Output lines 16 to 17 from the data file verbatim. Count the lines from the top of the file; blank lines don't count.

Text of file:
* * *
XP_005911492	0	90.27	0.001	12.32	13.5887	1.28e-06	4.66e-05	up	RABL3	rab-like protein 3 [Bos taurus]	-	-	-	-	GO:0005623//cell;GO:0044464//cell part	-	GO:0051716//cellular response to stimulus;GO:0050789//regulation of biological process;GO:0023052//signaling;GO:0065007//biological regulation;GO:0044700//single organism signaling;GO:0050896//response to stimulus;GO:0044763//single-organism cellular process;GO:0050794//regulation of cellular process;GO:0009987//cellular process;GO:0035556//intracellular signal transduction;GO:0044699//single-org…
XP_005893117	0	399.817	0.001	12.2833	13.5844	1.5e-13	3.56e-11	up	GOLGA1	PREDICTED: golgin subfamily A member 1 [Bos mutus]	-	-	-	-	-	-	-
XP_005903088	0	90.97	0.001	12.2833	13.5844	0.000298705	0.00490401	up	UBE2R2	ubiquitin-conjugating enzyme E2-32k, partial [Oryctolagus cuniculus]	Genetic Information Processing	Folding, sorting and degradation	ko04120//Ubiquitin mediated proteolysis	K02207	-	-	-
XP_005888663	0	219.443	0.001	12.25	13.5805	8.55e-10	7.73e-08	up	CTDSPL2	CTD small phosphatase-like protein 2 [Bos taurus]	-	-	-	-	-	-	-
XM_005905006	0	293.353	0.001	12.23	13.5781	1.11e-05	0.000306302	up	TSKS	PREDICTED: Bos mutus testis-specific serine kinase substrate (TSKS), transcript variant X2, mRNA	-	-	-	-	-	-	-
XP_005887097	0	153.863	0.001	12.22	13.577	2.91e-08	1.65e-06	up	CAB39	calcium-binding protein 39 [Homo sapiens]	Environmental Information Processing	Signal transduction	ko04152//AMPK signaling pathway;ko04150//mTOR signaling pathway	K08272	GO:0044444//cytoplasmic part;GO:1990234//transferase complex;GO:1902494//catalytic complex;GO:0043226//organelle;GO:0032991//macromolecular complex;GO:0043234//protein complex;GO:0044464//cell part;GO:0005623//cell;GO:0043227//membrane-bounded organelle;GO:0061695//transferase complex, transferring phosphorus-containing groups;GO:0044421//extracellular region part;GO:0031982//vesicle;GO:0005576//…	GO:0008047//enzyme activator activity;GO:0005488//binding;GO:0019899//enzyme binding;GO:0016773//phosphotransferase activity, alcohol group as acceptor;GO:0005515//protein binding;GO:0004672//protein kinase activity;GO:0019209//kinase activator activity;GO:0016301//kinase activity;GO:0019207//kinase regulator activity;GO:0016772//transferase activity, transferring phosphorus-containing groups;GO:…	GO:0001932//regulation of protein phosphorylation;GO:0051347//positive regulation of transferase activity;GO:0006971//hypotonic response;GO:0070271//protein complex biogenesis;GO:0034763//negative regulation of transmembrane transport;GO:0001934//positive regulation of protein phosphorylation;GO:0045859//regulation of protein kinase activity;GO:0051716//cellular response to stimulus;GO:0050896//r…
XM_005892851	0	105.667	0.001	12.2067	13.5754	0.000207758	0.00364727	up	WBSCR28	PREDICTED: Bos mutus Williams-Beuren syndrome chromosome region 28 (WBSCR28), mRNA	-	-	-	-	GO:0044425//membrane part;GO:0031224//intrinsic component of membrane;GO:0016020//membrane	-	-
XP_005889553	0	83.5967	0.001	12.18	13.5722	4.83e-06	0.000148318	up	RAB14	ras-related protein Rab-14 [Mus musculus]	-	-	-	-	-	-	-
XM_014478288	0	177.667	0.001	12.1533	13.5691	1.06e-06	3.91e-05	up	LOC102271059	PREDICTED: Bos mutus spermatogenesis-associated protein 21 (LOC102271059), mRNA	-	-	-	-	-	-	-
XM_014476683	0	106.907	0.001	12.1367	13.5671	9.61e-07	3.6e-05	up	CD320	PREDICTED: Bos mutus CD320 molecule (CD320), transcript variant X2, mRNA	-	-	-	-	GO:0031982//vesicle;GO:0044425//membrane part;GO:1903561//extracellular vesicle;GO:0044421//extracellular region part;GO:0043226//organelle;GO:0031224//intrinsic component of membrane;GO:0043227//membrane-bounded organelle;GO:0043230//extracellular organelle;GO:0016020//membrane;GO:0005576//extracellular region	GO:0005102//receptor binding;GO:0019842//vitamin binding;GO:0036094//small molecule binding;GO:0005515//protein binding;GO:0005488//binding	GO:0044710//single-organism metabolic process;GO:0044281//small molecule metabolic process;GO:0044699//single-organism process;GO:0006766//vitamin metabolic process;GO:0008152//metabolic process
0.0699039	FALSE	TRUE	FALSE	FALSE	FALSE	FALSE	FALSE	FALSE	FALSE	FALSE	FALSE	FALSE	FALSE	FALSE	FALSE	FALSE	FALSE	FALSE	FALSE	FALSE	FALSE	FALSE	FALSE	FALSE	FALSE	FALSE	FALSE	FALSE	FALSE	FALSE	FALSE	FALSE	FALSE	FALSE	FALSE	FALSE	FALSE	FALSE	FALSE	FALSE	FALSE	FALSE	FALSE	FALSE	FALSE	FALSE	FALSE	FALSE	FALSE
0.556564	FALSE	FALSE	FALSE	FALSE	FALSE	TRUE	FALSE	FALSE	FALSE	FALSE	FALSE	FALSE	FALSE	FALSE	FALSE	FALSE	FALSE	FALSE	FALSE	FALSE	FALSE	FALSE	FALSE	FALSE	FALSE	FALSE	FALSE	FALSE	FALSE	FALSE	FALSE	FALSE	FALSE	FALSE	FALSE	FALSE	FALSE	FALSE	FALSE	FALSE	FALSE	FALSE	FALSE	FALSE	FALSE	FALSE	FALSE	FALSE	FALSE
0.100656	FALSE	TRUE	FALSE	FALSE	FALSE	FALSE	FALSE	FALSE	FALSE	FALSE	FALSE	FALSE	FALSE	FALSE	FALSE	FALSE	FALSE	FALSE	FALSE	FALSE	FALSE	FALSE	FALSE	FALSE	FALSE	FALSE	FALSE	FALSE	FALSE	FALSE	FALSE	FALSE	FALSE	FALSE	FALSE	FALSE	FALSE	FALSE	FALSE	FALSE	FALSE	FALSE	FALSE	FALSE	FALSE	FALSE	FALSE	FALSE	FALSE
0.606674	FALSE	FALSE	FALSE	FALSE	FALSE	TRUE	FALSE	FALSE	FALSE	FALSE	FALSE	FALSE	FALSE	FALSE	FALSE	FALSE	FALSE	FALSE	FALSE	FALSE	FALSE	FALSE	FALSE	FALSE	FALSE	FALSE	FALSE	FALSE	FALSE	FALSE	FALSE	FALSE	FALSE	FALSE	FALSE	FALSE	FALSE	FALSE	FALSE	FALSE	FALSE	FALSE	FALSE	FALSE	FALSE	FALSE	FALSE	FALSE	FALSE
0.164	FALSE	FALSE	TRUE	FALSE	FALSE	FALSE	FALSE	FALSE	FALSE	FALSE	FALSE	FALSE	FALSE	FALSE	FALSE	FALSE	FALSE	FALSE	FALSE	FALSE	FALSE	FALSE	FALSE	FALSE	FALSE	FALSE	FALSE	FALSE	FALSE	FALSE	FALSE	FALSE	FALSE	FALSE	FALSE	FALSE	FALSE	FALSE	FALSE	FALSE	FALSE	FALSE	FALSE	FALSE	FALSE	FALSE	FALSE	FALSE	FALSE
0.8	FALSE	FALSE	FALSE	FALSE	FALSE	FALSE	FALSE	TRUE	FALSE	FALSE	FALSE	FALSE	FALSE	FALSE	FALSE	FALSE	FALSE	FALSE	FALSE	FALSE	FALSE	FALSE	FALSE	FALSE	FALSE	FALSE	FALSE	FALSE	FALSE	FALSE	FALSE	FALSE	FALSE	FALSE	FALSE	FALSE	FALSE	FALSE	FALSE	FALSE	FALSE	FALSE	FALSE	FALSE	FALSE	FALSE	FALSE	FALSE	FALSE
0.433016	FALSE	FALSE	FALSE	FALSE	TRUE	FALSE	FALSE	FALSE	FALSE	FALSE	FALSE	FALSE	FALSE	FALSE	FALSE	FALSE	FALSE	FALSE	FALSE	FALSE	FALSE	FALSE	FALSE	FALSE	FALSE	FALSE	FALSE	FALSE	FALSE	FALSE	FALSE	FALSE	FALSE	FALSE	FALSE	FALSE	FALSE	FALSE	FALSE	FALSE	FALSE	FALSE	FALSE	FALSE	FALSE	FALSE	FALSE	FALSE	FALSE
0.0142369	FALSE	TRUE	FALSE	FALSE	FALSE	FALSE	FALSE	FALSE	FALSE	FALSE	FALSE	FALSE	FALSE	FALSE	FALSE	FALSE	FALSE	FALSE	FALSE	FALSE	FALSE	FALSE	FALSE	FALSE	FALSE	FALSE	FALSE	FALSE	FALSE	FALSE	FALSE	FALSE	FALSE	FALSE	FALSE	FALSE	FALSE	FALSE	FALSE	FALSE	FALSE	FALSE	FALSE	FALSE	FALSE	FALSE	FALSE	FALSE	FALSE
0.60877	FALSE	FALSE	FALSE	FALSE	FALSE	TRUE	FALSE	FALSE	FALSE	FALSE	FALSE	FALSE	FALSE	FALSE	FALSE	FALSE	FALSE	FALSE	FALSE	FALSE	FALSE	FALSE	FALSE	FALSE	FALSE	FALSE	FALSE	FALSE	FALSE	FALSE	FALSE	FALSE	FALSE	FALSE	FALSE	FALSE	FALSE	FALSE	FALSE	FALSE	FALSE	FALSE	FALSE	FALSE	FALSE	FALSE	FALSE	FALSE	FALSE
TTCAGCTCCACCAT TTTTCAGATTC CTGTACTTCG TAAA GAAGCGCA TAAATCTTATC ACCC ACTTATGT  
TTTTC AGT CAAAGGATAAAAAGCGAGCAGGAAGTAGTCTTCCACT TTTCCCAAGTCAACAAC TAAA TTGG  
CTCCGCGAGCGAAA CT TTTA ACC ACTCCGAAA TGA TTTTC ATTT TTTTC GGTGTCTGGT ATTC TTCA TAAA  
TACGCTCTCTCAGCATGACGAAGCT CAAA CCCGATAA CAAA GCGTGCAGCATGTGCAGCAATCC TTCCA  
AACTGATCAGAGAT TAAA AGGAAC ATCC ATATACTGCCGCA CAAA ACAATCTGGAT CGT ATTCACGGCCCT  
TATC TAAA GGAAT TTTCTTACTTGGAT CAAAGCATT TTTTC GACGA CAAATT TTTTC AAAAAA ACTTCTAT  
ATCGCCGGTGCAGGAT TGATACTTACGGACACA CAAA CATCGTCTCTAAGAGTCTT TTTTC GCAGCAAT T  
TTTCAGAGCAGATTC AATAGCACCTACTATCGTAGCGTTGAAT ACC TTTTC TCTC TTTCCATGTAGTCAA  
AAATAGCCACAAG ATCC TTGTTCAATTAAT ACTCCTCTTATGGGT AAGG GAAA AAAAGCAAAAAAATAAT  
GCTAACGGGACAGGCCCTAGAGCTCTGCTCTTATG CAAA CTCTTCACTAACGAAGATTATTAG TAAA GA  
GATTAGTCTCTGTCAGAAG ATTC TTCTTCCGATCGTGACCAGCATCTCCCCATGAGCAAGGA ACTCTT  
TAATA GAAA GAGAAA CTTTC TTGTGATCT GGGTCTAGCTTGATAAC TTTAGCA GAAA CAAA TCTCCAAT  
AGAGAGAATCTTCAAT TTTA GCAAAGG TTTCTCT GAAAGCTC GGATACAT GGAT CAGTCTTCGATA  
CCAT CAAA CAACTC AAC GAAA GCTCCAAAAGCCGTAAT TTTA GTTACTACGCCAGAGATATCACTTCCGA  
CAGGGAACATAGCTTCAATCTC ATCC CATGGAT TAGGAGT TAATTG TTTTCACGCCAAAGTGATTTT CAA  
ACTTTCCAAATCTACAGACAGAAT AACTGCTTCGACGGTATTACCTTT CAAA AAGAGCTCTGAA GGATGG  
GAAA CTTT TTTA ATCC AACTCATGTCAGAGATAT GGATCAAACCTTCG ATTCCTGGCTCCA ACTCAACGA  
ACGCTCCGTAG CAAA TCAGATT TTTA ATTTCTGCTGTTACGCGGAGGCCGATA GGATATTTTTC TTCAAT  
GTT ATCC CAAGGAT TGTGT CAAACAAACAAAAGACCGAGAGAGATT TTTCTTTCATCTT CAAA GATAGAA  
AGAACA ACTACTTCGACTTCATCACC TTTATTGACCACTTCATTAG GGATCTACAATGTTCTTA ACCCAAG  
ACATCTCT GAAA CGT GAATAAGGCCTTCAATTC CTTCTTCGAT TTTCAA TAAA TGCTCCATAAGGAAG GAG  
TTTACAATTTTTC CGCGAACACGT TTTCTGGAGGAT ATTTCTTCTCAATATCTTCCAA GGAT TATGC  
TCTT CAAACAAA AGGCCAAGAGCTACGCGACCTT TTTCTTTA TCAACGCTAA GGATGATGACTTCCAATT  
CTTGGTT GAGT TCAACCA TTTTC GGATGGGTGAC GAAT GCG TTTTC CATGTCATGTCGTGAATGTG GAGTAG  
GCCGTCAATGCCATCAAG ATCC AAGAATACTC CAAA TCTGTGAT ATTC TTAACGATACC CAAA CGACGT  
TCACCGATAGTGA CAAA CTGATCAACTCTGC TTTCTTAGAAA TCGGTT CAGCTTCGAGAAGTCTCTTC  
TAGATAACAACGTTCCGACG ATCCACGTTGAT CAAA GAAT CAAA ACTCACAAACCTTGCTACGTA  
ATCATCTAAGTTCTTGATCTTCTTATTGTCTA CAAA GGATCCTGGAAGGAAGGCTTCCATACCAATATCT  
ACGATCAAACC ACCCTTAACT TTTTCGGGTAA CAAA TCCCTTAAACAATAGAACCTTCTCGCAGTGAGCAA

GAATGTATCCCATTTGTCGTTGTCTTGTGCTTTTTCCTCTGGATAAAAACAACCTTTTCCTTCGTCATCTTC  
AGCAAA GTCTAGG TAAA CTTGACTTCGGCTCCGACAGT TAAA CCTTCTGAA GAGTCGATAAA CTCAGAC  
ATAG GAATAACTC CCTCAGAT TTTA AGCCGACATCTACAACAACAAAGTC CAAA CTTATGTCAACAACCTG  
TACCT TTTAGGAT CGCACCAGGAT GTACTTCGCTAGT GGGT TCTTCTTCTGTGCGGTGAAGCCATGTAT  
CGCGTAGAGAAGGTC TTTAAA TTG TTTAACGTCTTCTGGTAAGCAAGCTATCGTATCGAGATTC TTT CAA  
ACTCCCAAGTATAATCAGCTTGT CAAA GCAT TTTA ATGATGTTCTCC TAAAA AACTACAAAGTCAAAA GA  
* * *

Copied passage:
0.8	FALSE	FALSE	FALSE	FALSE	FALSE	FALSE	FALSE	TRUE	FALSE	FALSE	FALSE	FALSE	FALSE	FALSE	FALSE	FALSE	FALSE	FALSE	FALSE	FALSE	FALSE	FALSE	FALSE	FALSE	FALSE	FALSE	FALSE	FALSE	FALSE	FALSE	FALSE	FALSE	FALSE	FALSE	FALSE	FALSE	FALSE	FALSE	FALSE	FALSE	FALSE	FALSE	FALSE	FALSE	FALSE	FALSE	FALSE	FALSE	FALSE
0.433016	FALSE	FALSE	FALSE	FALSE	TRUE	FALSE	FALSE	FALSE	FALSE	FALSE	FALSE	FALSE	FALSE	FALSE	FALSE	FALSE	FALSE	FALSE	FALSE	FALSE	FALSE	FALSE	FALSE	FALSE	FALSE	FALSE	FALSE	FALSE	FALSE	FALSE	FALSE	FALSE	FALSE	FALSE	FALSE	FALSE	FALSE	FALSE	FALSE	FALSE	FALSE	FALSE	FALSE	FALSE	FALSE	FALSE	FALSE	FALSE	FALSE